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IC, component shortage likely to last through 2010

Fears of a double-dip recession are keeping suppliers from boosting output significantly to meet growing demand. Hoarding and speculation exacerbate the deficit.

The shortage of ICs and components is slowing production and raising costs at China factories. Delivery schedules to finished product companies have been pushed back six to 10 weeks, while quotes have increased by an average 10 percent. Some ICs have even become six times more expensive. The situation, however, is not likely to be resolved soon.

IC, component shortage likely to last through 2010
Haimen Sancon Jetwell has raised quotes for its capacitors in response to higher spot prices, which have increased almost 15 percent since H1 2010.

Uncertainty in the global economic climate is leading many suppliers in China and overseas to be cautious about expansion plans. Although demand has picked up, concern over the EU debt crisis has companies questioning the feasibility of bringing all lines back to production. Should the situation in the EU worsen and affect worldwide financial markets, orders will fall once again and manufacturers may find themselves in a far worse position than at the height of the downturn.

Back then, factories could not simply reduce output in line with declining demand. This is because IC production equipment needs the same amount of deionized water, highly purified gases and electricity regardless of whether it runs at full capacity or not. To be able to really save on costs, companies would have to close or sell their plants, which is what many suppliers did in late 2008.

Manufacturers did not expect global economies to rebound as fast as they did, however, and were not able to recover capacity quickly enough. Those that sold off assets have to invest in new equipment, a step that requires both time and significant funding. Machinery companies normally produce units only on request. This is because the technology advances quickly rendering equipment outdated. It usually takes at least six months before new units can be delivered, sometimes even more than one year.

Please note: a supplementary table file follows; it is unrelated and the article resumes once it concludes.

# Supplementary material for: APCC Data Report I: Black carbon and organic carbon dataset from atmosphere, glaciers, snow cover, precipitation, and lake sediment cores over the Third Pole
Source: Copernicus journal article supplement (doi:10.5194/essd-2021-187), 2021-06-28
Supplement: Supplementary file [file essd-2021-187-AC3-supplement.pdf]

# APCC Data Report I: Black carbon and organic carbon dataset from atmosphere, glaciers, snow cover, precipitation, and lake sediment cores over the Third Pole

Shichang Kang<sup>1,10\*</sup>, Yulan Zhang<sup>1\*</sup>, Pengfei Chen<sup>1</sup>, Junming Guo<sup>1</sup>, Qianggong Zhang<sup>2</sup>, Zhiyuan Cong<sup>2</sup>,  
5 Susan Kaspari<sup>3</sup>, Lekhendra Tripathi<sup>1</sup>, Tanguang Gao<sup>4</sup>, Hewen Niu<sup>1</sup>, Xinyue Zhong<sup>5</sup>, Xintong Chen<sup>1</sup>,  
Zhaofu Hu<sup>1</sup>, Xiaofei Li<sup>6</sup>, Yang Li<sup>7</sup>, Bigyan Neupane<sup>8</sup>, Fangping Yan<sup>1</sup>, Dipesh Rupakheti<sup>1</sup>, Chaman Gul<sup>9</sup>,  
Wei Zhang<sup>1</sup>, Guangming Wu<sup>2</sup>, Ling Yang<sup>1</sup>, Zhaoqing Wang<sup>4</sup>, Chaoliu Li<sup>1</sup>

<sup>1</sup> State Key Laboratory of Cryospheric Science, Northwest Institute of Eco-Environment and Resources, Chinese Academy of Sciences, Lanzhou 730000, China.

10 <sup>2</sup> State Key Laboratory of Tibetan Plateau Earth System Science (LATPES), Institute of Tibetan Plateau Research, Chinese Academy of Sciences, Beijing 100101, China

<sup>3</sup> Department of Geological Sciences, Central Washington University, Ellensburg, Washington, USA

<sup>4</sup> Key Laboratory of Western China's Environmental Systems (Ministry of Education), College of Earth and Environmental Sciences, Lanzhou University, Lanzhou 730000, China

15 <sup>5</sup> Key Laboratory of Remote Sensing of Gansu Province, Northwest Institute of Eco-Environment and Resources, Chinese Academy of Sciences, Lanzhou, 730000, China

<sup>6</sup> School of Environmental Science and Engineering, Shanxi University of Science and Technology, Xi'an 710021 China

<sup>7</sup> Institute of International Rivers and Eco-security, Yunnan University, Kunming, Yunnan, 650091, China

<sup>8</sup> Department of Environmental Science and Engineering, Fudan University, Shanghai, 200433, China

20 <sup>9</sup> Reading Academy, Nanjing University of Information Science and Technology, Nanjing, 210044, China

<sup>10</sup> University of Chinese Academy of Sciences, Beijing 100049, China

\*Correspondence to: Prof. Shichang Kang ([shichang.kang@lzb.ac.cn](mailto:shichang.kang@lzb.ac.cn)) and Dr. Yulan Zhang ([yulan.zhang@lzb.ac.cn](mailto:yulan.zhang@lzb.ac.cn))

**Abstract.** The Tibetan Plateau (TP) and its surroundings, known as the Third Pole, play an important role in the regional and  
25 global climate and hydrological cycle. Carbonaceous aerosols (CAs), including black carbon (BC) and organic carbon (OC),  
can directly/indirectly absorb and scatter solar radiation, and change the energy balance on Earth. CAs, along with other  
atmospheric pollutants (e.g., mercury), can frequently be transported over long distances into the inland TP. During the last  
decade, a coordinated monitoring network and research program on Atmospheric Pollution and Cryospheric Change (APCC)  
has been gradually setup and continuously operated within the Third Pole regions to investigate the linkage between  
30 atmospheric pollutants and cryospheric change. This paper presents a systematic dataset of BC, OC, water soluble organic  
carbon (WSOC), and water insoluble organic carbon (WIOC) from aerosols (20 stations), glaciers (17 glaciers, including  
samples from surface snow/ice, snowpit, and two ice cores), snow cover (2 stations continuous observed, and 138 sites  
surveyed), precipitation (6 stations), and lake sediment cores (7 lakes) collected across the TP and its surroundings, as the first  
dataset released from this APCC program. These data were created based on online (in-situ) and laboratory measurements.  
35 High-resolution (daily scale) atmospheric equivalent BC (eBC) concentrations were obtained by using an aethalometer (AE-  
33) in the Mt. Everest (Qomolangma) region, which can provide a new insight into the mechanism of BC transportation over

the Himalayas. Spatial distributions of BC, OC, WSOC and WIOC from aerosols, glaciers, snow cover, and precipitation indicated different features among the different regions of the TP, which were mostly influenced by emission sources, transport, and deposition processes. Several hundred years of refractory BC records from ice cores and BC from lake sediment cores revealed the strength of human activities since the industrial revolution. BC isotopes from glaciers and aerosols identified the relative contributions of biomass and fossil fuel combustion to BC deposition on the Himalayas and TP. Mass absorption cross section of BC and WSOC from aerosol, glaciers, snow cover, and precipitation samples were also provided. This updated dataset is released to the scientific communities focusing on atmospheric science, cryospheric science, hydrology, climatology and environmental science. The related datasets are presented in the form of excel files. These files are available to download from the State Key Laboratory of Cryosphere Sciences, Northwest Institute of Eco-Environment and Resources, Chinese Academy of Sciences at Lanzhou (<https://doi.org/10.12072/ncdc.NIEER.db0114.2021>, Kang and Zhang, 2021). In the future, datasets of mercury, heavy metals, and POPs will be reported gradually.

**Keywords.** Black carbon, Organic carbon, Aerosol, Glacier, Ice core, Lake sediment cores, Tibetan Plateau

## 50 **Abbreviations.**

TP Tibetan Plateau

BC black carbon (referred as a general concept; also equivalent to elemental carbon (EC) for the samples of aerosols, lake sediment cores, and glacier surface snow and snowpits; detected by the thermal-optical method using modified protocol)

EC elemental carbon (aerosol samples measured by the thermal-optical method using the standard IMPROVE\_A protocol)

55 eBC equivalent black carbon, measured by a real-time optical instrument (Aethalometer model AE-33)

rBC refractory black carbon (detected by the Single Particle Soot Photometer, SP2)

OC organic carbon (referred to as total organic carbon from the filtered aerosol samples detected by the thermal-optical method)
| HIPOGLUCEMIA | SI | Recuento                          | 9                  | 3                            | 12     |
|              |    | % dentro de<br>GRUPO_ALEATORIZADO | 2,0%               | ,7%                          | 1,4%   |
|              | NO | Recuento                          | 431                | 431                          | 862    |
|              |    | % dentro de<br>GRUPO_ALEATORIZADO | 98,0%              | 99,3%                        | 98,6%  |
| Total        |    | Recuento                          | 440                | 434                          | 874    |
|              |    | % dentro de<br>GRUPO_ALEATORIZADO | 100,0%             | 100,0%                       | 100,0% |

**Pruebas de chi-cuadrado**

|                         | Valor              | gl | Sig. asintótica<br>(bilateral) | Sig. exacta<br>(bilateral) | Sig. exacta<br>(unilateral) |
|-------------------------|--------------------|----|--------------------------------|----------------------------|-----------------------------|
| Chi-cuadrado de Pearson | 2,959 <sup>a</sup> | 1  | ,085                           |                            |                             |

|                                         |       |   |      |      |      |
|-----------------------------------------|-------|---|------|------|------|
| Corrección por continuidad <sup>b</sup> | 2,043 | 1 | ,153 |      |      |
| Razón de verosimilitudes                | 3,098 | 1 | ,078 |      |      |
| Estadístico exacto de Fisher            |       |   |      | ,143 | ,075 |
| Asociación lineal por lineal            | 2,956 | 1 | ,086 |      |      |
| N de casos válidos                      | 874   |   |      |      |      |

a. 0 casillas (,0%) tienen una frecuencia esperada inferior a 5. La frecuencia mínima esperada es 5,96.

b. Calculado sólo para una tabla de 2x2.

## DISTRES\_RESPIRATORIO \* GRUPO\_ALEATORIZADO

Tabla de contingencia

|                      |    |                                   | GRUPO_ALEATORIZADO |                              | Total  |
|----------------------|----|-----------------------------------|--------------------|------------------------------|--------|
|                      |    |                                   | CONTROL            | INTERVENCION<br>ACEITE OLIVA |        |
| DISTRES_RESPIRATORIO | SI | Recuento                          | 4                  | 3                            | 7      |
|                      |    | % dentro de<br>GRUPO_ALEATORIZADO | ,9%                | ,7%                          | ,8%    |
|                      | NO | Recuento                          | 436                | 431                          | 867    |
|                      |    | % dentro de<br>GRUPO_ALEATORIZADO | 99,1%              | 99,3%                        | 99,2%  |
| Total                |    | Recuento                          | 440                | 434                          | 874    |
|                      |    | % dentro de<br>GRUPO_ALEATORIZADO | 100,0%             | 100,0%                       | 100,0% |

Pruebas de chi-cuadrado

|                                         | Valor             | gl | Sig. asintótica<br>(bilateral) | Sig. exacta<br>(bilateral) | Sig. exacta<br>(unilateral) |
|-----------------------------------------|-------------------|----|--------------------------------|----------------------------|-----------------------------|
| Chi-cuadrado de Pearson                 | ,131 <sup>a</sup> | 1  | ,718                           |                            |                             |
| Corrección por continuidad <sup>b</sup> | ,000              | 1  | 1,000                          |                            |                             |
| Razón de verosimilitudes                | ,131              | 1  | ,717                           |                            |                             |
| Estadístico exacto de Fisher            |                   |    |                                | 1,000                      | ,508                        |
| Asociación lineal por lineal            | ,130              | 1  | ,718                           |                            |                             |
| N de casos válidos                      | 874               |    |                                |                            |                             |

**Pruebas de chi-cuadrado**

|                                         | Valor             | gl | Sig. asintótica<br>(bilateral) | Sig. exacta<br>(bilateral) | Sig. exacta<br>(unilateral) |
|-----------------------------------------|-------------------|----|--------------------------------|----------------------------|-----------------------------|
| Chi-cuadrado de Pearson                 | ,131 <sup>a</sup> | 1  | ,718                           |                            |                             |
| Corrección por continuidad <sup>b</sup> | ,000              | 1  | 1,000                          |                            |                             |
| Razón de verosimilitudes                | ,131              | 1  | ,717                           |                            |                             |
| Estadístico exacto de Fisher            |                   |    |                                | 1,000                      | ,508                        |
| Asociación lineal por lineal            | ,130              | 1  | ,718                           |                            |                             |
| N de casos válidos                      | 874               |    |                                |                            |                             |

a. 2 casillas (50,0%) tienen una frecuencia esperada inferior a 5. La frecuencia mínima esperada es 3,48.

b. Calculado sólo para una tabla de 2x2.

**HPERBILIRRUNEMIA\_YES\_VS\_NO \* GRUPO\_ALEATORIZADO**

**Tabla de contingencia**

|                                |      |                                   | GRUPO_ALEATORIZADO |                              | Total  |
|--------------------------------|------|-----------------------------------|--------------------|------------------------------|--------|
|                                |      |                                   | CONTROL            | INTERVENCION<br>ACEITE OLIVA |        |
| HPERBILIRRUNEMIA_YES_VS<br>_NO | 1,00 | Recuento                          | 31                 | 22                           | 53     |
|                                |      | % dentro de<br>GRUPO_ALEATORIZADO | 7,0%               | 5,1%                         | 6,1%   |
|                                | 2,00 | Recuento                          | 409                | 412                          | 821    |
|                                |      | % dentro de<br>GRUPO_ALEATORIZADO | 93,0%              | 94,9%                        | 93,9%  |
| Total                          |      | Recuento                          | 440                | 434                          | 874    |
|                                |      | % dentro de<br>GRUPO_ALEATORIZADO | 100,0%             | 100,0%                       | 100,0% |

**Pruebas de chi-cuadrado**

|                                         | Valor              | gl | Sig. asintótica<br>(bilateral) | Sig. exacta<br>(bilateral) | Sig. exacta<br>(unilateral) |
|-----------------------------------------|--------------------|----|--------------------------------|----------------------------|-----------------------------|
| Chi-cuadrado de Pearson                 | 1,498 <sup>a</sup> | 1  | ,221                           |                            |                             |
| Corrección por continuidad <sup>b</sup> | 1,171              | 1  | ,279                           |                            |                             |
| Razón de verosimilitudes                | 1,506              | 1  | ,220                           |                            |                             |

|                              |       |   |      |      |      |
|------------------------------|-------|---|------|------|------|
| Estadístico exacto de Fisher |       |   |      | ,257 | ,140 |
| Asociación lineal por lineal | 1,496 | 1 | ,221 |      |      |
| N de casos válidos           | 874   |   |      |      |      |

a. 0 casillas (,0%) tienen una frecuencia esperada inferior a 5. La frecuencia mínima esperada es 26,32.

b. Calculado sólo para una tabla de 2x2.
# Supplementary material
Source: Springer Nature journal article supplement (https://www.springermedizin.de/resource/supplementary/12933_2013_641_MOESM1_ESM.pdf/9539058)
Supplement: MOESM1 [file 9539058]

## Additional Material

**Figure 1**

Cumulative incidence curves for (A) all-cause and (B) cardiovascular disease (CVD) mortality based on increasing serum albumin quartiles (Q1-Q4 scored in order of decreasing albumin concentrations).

Suppliers that shuttered factories will have to recalibrate the machines. They also need to purchase chemicals and highly purified gases, which take several months to produce.

The first signs of a shortage in ICs and components came about in H1 2009. The problem gained pace in the second half and escalated further in 2010. If factories remain unwilling to boost output significantly and soon, the deficit can extend through the rest of the year.

At present, suppliers are bringing into operation only a few production lines at a time, waiting until they enter the lean period to boost their IC stockpile in time for the buying season in 2011.

Hoarding squeezes supply further

Finished product makers, especially large companies that source ICs and components in bulk, are contributing to the shortage. Manufacturers such as those offering terminals often stock up on key parts to minimize the impact of the deficit on their lead times. During procurement, many order 30 to 200 percent more than what they need and require deliveries to arrive a lot earlier than necessary. This practice is exacerbating the supply-demand situation so much that in June, discretes had a lead time of 20 weeks, up from the typical 10 to 12 weeks.